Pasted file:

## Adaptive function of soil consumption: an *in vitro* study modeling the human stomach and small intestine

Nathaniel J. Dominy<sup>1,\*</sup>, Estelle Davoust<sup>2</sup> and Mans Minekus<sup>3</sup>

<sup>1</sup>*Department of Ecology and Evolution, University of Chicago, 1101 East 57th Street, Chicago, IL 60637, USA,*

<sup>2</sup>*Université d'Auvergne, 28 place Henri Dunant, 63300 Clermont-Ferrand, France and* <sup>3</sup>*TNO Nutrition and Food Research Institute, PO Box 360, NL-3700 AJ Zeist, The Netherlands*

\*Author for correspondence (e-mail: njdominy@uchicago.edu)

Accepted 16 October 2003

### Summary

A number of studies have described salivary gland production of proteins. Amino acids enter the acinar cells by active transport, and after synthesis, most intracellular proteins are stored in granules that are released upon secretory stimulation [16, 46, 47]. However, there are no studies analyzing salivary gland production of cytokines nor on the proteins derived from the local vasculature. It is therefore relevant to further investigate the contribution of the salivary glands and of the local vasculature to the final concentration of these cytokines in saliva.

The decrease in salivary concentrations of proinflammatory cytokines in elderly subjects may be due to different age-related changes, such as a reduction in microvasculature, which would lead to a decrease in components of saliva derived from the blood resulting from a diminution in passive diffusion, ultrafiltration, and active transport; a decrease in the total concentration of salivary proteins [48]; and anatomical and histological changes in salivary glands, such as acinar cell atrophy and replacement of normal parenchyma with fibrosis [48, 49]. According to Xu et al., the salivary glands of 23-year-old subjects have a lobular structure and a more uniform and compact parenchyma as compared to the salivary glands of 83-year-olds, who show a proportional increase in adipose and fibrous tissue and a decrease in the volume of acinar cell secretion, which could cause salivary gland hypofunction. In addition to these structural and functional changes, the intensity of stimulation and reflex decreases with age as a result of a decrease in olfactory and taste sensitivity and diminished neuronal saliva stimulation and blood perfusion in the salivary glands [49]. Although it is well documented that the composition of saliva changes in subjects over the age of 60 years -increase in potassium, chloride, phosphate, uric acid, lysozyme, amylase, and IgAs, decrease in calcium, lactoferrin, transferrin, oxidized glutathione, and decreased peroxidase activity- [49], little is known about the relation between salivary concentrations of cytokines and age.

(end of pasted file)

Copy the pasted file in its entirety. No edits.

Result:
## Adaptive function of soil consumption: an *in vitro* study modeling the human stomach and small intestine

Nathaniel J. Dominy<sup>1,\*</sup>, Estelle Davoust<sup>2</sup> and Mans Minekus<sup>3</sup>

<sup>1</sup>*Department of Ecology and Evolution, University of Chicago, 1101 East 57th Street, Chicago, IL 60637, USA,*

<sup>2</sup>*Université d'Auvergne, 28 place Henri Dunant, 63300 Clermont-Ferrand, France and* <sup>3</sup>*TNO Nutrition and Food Research Institute, PO Box 360, NL-3700 AJ Zeist, The Netherlands*

\*Author for correspondence (e-mail: njdominy@uchicago.edu)

Accepted 16 October 2003

### Summary

A number of studies have described salivary gland production of proteins. Amino acids enter the acinar cells by active transport, and after synthesis, most intracellular proteins are stored in granules that are released upon secretory stimulation [16, 46, 47]. However, there are no studies analyzing salivary gland production of cytokines nor on the proteins derived from the local vasculature. It is therefore relevant to further investigate the contribution of the salivary glands and of the local vasculature to the final concentration of these cytokines in saliva.

The decrease in salivary concentrations of proinflammatory cytokines in elderly subjects may be due to different age-related changes, such as a reduction in microvasculature, which would lead to a decrease in components of saliva derived from the blood resulting from a diminution in passive diffusion, ultrafiltration, and active transport; a decrease in the total concentration of salivary proteins [48]; and anatomical and histological changes in salivary glands, such as acinar cell atrophy and replacement of normal parenchyma with fibrosis [48, 49]. According to Xu et al., the salivary glands of 23-year-old subjects have a lobular structure and a more uniform and compact parenchyma as compared to the salivary glands of 83-year-olds, who show a proportional increase in adipose and fibrous tissue and a decrease in the volume of acinar cell secretion, which could cause salivary gland hypofunction. In addition to these structural and functional changes, the intensity of stimulation and reflex decreases with age as a result of a decrease in olfactory and taste sensitivity and diminished neuronal saliva stimulation and blood perfusion in the salivary glands [49]. Although it is well documented that the composition of saliva changes in subjects over the age of 60 years -increase in potassium, chloride, phosphate, uric acid, lysozyme, amylase, and IgAs, decrease in calcium, lactoferrin, transferrin, oxidized glutathione, and decreased peroxidase activity- [49], little is known about the relation between salivary concentrations of cytokines and age.